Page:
The girl and the dance

So much of what we respond to, and how we define the quality of our experience, is entirely subjective. The same incident can be perceived in entirely different ways, by different people, based purely on their own internal landscape.

I recall a friend telling me, years ago, of two women discussing their childhoods and the effects on them as adults. The first woman said that her parents showed no interest in her upbringing and gave her no guidance or boundaries. As a consequence, she was now a woman who felt there was something fundamentally missing in her psyche, leaving her incomplete. The second woman talked of how her parents had encouraged her to be independent by letting her make choices for herself and never passing judgement on the consequences of those choices. Now, as an adult, she looked fondly on her childhood as the basis for her strong will, spirit of adventure and independence. The two women were twins.

But back to the title of the piece. Picture a boy, contemplating the high school dance and a girl that he wants to take along. Fix them in your mind – got them?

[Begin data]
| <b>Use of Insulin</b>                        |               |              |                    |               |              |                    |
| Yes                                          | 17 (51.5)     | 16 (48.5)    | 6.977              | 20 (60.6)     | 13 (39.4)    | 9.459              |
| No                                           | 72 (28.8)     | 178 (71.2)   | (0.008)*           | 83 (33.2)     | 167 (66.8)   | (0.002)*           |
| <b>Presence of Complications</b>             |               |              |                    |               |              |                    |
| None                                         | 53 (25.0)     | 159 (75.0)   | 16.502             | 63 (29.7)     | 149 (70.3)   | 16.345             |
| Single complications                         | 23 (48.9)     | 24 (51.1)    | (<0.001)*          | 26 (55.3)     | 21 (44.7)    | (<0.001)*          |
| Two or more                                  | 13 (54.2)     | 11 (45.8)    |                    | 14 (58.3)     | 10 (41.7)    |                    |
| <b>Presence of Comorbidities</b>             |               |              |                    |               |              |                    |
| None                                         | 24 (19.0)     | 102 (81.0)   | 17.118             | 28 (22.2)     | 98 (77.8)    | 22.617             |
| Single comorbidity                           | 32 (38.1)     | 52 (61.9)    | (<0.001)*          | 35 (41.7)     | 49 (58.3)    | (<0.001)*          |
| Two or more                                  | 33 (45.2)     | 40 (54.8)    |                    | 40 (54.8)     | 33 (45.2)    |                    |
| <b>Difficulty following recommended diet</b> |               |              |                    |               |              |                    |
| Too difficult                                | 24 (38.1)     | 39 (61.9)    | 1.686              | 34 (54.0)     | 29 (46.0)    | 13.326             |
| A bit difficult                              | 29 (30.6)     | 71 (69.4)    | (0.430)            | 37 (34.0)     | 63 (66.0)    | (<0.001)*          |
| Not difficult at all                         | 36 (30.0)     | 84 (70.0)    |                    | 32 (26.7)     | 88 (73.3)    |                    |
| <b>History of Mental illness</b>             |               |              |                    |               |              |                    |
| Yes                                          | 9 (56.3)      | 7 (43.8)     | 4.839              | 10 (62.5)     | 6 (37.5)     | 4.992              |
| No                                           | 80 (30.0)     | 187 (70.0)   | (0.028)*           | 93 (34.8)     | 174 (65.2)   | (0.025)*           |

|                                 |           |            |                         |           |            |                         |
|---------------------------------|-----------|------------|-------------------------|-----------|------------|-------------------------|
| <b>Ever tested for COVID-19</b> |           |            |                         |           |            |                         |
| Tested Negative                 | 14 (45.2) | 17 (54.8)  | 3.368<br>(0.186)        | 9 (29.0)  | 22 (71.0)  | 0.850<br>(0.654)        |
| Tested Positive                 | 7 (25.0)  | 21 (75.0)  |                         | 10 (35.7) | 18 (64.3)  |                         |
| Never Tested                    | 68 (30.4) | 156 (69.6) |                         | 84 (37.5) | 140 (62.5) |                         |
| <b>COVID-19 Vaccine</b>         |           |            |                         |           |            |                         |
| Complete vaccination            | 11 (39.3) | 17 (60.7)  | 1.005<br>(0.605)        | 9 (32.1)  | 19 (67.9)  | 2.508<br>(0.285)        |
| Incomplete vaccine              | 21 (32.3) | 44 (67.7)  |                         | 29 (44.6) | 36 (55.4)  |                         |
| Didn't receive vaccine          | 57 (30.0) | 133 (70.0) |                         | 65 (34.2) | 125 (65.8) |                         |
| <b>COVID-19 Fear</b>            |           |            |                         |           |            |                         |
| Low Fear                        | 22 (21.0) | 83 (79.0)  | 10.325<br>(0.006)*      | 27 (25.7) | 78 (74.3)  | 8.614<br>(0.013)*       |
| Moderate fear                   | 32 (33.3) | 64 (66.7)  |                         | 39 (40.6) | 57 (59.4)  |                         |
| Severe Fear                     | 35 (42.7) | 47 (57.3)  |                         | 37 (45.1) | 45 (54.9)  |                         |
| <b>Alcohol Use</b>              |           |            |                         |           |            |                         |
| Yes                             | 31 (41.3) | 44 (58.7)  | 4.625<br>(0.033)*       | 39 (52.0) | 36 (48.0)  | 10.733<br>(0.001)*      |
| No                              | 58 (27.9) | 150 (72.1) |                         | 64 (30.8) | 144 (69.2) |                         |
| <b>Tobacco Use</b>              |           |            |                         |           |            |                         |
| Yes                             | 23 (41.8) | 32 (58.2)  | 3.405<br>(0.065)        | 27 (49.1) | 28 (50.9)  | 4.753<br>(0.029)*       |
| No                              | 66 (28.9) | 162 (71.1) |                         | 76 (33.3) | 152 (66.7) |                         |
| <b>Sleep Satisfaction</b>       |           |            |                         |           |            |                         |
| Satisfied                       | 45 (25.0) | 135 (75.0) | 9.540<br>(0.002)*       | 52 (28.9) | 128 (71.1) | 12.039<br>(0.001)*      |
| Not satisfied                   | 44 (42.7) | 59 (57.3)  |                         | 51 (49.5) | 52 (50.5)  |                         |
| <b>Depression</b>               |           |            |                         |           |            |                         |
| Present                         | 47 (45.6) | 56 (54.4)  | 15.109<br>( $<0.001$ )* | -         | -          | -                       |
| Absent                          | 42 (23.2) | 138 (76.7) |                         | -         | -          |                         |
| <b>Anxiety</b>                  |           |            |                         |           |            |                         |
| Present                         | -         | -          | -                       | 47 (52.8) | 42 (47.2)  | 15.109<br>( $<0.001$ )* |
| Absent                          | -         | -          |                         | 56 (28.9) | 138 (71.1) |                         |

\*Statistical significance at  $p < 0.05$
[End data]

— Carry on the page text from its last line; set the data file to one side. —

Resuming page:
Now, imagine if you will, the following scenarios:
1. He’s too shy to ask her to the dance.
2. He’s asks her to the dance and she says no.
3. He asks her to the dance and she later changes her mind and doesn’t go.
4. He asks her to the dance and she says yes but something unanticipated stops her going. (You can be creative here – localised hurricane in her back garden / swine flu in the house, whatever.)
5. He asks her to the dance and she says yes but when they get there the dance is cancelled. (More hurricanes or swine flu, anyone?)

Now, his objective – or desire for the emotionally literate among you – was to take the girl to the dance. In each case, his ambitions are thwarted but his experience of each scenario is tempered by his perception.

All of which suggests that, most of the time, we’re only responding to internal values. And so is everyone else. So next time you’re told the train will be delayed but some other smug sod is standing there smiling, you’ll know why!

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